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Responses wished: The Lilley Museum at UNR has turned its second-floor gallery into an area for interplay, suggestions

4 min read

The Lilley Museum on the College of Nevada, Reno, seems to be slightly totally different.

The glass instances are gone for now, and the temper of the second-floor gallery, previously one in all quiet class, is all-out cheerful. The brand new decor—together with tables set with writing provides, Kelly inexperienced poll packing containers mounted to the partitions, and carpet tiles with an elementary-school coloration scheme—make it clear that the museum is encouraging a excessive stage of viewers participation.

This experiment is known as the Lilley Co-Lab, and the gallery’s new look has a mission behind it: By way of October, the Lilley employees needs to study the whole lot it will probably about what folks need in a museum.

“I would like this place to be beloved and helpful,” stated Stephanie Gibson, the Lilley’s curator and director since February. “I would like of us to come back right here and know that this place is for them. I would like them to spend time and share their ideas.”

She identified that individuals can write notes on a pill or by hand.

“I’m hoping that over time, this place seems to be messy and overrun with content material,” she stated. “I would like Put up-its. I would like responses. I would like fixed actions.”

Museums in all places have tried to be extra accessible and inclusive in recent times, and there’s a specific emphasis on attempting to diversify their audiences and higher mirror their communities. Nevada’s artwork museums have tried varied approaches. In 2017, the Barrick Museum on the College of Nevada, Las Vegas, started providing free bus transportation to Clark County schoolchildren. The Nevada Museum of Artwork has mounted retrospectives of main Nice Basin Indigenous artists and—in a pandemic-necessitated transfer that labored so effectively, they caught with it—affords trainer training statewide by way of Zoom.

On the Lilley, the method is assertively hands-on. On a blue wall, subsequent to a handful of portraits, there are prompts to ask whether or not the folks in these footage appear like you. There’s a selfie station and a craft desk the place you can also make your individual likeness. On a pink wall, the curation of a handful of work has been crowdsourced. A number of guests (together with a 6-year-old who appreciated an image of a sizzling canine in a bun bridging a red-rock canyon) have chosen their favorites; the show will develop as others make their very own decisions from a wall-mounted pill.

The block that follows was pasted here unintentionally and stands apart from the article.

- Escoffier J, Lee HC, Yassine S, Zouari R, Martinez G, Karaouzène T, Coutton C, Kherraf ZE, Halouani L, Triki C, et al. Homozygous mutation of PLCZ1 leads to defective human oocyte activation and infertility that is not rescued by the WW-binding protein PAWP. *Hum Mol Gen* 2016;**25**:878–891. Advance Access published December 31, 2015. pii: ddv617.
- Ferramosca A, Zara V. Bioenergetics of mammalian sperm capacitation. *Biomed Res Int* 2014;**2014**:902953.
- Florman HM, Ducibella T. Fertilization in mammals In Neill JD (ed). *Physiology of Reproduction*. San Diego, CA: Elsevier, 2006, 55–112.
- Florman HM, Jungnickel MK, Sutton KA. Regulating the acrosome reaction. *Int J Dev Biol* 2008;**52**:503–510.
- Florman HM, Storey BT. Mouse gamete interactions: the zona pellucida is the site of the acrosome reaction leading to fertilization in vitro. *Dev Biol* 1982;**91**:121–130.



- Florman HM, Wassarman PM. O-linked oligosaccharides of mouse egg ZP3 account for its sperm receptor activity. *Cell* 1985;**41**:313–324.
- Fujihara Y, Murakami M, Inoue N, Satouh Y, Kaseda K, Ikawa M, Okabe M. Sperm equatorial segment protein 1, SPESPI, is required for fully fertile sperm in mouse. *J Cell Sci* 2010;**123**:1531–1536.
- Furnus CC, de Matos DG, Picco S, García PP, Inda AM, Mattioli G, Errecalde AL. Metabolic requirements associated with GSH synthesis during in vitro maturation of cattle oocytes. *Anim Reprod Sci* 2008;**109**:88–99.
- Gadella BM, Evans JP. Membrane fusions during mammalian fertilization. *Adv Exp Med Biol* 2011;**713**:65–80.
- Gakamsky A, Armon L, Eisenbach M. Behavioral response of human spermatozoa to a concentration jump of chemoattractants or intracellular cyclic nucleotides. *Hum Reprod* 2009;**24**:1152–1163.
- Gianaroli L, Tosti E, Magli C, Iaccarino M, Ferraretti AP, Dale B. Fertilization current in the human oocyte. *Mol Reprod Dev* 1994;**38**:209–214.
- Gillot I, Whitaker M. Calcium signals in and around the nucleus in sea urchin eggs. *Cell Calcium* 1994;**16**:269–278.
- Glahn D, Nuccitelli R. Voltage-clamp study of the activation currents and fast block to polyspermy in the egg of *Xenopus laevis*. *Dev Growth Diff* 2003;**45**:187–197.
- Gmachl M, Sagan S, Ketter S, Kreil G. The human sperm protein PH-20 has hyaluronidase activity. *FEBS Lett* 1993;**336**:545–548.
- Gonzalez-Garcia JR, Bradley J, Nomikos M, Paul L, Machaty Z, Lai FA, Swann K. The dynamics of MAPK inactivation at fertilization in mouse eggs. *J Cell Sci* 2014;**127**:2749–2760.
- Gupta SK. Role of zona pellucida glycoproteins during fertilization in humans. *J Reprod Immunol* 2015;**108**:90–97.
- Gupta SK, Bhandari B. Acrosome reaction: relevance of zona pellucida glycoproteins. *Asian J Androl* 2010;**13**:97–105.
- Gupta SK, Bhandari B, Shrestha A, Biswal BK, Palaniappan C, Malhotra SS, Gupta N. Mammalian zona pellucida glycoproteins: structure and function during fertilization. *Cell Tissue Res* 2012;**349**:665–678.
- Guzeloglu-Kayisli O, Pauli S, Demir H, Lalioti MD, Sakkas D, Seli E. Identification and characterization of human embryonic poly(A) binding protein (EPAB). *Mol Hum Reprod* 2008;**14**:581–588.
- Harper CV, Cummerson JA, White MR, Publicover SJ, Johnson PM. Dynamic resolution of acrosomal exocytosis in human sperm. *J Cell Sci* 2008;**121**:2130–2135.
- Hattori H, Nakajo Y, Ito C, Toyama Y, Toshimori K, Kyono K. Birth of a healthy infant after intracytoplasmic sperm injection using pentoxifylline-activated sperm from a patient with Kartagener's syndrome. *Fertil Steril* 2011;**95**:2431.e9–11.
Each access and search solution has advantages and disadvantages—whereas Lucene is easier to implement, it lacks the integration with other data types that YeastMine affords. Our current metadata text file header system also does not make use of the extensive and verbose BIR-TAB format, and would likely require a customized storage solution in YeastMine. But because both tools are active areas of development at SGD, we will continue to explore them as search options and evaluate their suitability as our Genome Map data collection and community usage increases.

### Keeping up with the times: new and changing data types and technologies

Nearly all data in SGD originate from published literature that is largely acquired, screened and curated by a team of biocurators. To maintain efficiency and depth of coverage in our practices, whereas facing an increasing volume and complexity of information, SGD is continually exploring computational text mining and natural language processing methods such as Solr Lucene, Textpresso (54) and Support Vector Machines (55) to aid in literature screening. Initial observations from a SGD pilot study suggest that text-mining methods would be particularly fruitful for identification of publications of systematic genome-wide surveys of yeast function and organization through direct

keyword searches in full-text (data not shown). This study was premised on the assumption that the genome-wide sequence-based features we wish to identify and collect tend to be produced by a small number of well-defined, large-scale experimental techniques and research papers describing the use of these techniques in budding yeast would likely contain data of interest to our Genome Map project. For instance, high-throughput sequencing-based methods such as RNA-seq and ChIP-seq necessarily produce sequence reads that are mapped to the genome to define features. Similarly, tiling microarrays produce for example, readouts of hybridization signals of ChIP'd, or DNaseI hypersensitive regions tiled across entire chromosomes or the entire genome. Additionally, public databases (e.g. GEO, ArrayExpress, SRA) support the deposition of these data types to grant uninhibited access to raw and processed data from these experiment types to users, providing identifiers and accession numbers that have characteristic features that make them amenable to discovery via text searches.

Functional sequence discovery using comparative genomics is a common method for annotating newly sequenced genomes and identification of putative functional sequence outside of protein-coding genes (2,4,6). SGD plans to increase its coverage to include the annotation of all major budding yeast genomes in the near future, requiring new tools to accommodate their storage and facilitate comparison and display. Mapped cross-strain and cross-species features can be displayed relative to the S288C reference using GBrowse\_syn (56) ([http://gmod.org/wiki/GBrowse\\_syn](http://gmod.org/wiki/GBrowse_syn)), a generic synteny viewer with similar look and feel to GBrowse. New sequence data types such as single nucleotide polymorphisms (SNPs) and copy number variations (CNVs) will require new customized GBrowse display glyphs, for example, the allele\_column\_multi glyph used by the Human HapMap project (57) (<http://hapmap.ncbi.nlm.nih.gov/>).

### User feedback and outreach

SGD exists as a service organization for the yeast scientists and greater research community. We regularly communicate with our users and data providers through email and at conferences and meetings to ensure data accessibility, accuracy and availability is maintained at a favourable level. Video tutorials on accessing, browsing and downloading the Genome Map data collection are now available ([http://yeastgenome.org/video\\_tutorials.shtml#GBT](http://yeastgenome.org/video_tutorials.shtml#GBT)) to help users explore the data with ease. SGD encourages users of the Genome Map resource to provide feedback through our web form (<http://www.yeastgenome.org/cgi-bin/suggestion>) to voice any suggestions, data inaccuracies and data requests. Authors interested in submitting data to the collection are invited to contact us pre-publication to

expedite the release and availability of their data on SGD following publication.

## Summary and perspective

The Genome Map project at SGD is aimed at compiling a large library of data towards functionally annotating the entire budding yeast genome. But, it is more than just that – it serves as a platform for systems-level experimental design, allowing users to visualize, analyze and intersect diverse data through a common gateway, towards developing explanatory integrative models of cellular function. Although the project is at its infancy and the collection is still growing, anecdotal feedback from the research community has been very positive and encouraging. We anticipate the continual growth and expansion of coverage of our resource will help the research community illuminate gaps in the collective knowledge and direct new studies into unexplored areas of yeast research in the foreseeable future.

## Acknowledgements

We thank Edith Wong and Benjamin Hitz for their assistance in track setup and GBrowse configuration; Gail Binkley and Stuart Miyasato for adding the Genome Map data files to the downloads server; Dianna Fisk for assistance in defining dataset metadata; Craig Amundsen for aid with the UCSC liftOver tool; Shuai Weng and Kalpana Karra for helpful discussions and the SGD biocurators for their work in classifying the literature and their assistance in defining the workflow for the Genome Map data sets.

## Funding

PHOTO/KRIS VAGNER: The Lilley Museum’s Co Lab set up asks guests for information and concepts.

On a maroon wall, a hand-painted map of Reno serves as a software to gather demographic information, each onerous and comfortable: “The place are you from?” “The place would you relatively be?” “Describe Reno in a single phrase.” Emoji stickers can be found for anybody who’d wish to publish a “smile” or “huh?” subsequent to a bit of paintings.

Different establishments are collaborating on the Lilley Co-Lab, too. Brushfire, UNR’s artwork and literary journal, is engaged on an set up based mostly on private objects lent by the editorial board and contributors. The Holland Undertaking discovered native artists to make unique works in response to items from the Lilley’s everlasting assortment. (The juxtapositions are pleasant; Nathaniel Benjamin’s 2022 print makes loads of sense subsequent to a Toulouse-Lautrec from 1896. Sara Paschall’s 2022 acrylic portray picks up a dialog the place a 2019 Shepard Fairey print left off.) And Gibson plans to ask native artwork and tradition teams to carry their very own occasions within the area.

“This can be a actually unimaginable alternative to assemble information on who we serve, and who we have to serve, and who we’re lacking,” Gibson stated. She hopes that the Co-Lab will immediate folks to consider how curators and museums go about telling tales a few group. 

“I believe we’ve simply modified rather a lot prior to now 20 to 30 years—how we present artwork from totally different elements of the world, artwork from Indigenous artists,” she stated. “I believe (the objective is) to repeatedly interrogate the way in which now we have labels, the quantities of data we placed on them, and the kind of vocabulary and language we use that’s both inclusive or unique. After which, after all, the artists who we’re representing on the partitions as effectively—how various and the way encompassing their tales are.”

Come October, the Co-Lab will probably be taken down. The Lilley employees plans to make use of all the information they collect by means of the challenge to tell future exhibitions. However in the interim, Gibson stated, “This can be a democracy.”

The Lilley Museum’s second ground would be the interactive Lilley Co-Lab by means of October. The museum is situated within the College Arts Constructing on the College of Nevada, Reno, campus. Parking is on the market on the Whalen Parking Storage on North Virginia Road. Hours are midday to 4 p.m., Tuesday by means of Saturday; admission is free. Go to www.unr.edu/lilley for extra data.

This text was produced by Double Scoop, Nevada’s visible arts publication. Learn extra at www.doublescoop.artwork.

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